Shirley Povich — Sportswriter

Cal Ripken, the all-time iron man of baseball for the Baltimore Orioles, said, when he learned of the passing of a Washington Post sportswriter, that he could never imagine someone being at the same job for 75 years.

Much has been written of 92 year old Shirley Povich by his legion of colleagues, fans and players after he was fatally stricken by a heart attack on June 4th. He knew Babe Ruth, Lou Gehrig, Walter Johnson, Ty Cobb, Jack Dempsey, Sammy Baugh and many other sports giants and he knew how to keep meticulous notes of his interviews. He wrote beautifully and consistently — from reporting on the old Washington Senators baseball games to a 6 times a week column that former Post editor Ben Bradlee said was a major reason why people bought the newspaper in those days.

But Shirley Povich’s life contained more enduring lessons for people well beyond the sports world. Here are a few:

1. Consistency of resolve. Povich held strong views about civil rights, for example, and his pen while sharp was not vicious or churlish. For instance, he prodded the Washington Redskins about not having black players — an owner holdout, until the late Sixties. After the Cleveland Browns came to town and defeated the Redskins, Povich’s pen wrote: “Jim Brown, born ineligible to play for the Redskins, integrated their end zone three times yesterday.”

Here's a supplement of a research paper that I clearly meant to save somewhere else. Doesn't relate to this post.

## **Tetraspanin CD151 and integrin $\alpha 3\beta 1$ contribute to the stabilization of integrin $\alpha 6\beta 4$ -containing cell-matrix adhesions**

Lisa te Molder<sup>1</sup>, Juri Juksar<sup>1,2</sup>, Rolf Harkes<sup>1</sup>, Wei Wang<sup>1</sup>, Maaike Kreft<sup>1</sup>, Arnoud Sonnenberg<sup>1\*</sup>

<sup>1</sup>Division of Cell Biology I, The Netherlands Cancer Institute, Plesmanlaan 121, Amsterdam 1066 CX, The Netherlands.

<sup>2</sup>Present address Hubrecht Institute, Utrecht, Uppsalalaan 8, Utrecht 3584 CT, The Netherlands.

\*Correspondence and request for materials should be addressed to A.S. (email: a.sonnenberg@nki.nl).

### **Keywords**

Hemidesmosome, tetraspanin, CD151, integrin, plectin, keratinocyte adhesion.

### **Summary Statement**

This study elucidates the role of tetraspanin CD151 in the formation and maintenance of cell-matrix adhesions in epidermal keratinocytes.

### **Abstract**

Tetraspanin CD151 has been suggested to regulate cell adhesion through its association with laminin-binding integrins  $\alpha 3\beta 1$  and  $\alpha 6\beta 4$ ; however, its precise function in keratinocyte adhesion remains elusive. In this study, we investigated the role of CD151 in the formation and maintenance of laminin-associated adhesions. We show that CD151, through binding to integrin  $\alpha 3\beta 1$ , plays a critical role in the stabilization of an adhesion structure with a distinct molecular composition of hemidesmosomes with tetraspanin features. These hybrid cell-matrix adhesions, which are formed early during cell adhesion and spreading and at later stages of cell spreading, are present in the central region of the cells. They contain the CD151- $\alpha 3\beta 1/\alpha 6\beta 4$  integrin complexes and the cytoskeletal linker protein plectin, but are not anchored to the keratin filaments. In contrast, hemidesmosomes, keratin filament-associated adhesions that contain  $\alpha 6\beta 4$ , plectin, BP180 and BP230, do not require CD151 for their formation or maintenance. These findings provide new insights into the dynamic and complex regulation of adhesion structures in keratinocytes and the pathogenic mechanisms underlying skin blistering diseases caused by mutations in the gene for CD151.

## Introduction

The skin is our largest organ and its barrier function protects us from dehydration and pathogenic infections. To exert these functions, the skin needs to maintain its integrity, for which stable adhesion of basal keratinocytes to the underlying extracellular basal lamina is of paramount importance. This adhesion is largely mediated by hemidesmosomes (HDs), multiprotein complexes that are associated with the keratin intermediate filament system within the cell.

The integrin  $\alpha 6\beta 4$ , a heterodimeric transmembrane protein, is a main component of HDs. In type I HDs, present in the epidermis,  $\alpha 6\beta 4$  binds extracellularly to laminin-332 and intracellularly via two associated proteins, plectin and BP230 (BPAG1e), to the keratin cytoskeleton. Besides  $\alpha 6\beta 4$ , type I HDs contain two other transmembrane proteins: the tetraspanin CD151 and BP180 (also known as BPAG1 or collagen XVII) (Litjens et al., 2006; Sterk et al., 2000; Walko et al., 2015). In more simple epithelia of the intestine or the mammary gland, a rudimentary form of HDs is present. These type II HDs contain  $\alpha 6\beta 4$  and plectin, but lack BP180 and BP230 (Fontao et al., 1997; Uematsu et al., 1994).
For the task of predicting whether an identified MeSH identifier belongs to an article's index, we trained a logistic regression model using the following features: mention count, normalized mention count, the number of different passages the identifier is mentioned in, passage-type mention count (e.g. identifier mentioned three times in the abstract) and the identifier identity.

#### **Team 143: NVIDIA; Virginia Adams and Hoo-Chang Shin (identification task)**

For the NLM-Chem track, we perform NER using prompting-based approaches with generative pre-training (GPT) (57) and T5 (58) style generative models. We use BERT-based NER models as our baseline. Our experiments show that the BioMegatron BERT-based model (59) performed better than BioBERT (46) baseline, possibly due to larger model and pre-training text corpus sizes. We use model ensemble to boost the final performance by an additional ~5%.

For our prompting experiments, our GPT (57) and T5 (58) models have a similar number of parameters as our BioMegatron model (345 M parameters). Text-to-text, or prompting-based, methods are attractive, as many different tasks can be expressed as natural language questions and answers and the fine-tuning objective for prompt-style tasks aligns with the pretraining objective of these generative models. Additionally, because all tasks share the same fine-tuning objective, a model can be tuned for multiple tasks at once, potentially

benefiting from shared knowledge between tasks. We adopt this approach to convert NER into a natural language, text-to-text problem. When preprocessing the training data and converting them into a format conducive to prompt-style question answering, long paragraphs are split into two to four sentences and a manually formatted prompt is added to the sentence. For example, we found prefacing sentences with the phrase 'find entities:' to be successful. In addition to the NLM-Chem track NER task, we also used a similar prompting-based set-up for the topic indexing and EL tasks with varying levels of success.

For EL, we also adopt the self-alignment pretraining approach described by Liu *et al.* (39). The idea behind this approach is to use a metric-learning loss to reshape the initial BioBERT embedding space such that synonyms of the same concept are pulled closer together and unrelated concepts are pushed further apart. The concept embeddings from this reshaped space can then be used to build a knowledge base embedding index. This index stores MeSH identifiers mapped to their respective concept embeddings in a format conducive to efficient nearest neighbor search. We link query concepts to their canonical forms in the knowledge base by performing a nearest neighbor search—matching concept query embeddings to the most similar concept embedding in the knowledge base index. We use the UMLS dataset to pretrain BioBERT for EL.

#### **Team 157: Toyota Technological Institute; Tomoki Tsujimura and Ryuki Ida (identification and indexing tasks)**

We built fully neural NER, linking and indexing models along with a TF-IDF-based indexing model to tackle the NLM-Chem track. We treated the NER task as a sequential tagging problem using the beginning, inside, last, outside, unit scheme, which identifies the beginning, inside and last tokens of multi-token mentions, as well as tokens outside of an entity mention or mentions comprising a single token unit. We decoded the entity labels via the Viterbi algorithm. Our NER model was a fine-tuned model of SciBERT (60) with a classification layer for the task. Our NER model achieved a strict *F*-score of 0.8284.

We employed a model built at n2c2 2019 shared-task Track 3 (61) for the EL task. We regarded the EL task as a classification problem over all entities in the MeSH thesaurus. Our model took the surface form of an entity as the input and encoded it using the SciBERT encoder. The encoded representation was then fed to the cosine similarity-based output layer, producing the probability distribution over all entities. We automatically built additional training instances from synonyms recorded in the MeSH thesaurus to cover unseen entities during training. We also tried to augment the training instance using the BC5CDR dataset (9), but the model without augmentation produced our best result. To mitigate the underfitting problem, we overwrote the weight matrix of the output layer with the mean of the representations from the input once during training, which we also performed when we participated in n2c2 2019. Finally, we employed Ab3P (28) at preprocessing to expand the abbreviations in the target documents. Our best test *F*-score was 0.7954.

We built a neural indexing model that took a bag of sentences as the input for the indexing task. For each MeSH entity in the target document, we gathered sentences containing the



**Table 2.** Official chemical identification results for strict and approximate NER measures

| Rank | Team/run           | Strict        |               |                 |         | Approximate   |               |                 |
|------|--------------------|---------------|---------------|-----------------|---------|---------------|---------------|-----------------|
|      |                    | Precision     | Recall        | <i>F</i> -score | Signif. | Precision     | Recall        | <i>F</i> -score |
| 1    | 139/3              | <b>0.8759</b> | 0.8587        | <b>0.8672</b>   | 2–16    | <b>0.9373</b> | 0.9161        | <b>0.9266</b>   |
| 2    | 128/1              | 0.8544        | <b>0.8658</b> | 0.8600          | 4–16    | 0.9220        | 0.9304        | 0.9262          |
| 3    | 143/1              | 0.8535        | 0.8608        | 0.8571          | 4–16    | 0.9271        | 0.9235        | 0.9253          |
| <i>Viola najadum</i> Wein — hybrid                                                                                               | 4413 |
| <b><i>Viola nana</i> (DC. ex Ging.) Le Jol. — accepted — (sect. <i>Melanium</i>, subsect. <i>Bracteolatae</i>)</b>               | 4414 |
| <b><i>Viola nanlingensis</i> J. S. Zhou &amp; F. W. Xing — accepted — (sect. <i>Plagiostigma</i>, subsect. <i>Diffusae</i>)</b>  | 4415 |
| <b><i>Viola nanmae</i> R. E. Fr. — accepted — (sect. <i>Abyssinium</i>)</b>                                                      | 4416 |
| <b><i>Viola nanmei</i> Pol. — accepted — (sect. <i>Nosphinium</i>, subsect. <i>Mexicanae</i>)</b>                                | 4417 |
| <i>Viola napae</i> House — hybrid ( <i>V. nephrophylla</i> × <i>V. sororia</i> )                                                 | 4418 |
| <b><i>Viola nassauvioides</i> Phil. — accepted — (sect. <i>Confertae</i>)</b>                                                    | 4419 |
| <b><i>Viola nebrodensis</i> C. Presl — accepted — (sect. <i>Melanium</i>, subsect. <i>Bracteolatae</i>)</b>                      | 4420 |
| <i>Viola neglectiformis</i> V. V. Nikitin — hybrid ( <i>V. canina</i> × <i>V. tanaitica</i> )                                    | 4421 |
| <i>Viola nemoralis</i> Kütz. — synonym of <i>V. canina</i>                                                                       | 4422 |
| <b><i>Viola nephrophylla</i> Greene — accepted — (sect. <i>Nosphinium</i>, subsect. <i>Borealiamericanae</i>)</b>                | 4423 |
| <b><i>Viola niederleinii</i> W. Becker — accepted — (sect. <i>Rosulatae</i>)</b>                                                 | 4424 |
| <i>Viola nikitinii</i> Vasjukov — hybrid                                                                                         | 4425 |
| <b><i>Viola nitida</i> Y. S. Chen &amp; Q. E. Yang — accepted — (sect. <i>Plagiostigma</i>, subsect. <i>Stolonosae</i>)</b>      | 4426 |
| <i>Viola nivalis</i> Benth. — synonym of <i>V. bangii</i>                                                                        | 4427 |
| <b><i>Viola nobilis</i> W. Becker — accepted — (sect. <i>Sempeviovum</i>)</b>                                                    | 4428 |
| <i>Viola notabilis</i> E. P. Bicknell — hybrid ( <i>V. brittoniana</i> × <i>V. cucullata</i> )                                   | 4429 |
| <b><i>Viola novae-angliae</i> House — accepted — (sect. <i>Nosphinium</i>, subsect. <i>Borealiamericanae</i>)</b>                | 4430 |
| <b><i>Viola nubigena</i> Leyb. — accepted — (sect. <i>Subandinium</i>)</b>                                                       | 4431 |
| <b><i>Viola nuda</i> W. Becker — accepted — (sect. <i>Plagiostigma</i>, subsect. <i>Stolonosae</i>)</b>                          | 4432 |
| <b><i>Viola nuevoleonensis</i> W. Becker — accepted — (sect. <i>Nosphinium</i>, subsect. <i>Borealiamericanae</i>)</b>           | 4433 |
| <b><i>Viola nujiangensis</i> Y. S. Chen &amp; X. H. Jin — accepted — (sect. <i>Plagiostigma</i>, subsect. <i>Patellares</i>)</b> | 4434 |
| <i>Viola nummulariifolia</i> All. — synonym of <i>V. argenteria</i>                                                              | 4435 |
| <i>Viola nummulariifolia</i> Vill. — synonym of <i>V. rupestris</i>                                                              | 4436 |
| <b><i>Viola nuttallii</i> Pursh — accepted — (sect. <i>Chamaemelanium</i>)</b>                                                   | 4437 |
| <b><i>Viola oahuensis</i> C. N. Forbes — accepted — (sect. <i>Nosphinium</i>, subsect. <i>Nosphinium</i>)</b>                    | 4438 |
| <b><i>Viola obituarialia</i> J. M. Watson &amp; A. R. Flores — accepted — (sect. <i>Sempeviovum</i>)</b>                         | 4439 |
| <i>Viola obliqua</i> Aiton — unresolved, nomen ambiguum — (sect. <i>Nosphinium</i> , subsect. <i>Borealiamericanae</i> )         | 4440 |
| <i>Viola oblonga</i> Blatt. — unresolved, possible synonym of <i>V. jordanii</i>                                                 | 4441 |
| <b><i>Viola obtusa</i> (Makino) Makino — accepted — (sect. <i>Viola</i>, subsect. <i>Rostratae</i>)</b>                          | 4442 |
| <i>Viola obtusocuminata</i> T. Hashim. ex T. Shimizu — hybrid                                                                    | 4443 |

2. Kept history as a daily diet. He provided a constant historical memory, not just because he could draw on so much of sports lore, but also because he wanted to give his younger associates the perspective, the frames of reference and the judgment that the past gives to the present. This train was all the more important as the MTV generation of young sports reporters arrived in a frenzied state of hyper-reactiveness.

3. Switch career roles within your profession when urgent. He became a war correspondent in World War II covering some of the biggest battles in the Pacific theatre. He was doing his part in his early middle age.

4. Steady temperament. This enabled Povich to be so willing to advise and help others. The letters-to-the-editor column following his passing displayed just how widespread and diversified were his ready responses to calls and letters and chance meetings with total strangers.

5. Keep producing — retirement is a formality. Povich wrote 600 columns after formally retiring in 1974. He apparently believed that a mind is a terrible thing to atrophy.

Two years after he “retired,” he was elected to the writers wing of the Baseball Hall of Fame in Cooperstown, New York. Not many co-journalists installed there could say they covered 60 World Series and 20 Super Bowls.

In a hyperkinetic world, where players and coaches change with ho hum rapidity, Povich exuded continuity, a calm and wise hand on the sports beat that reverberated into the world of daily life.

Cal Ripken may have the most unbreakable record in sports — with about 2500 consecutive games never missed. But who can possibly break Povich’s record of 75 years of writing about sports by a man of all seasons?

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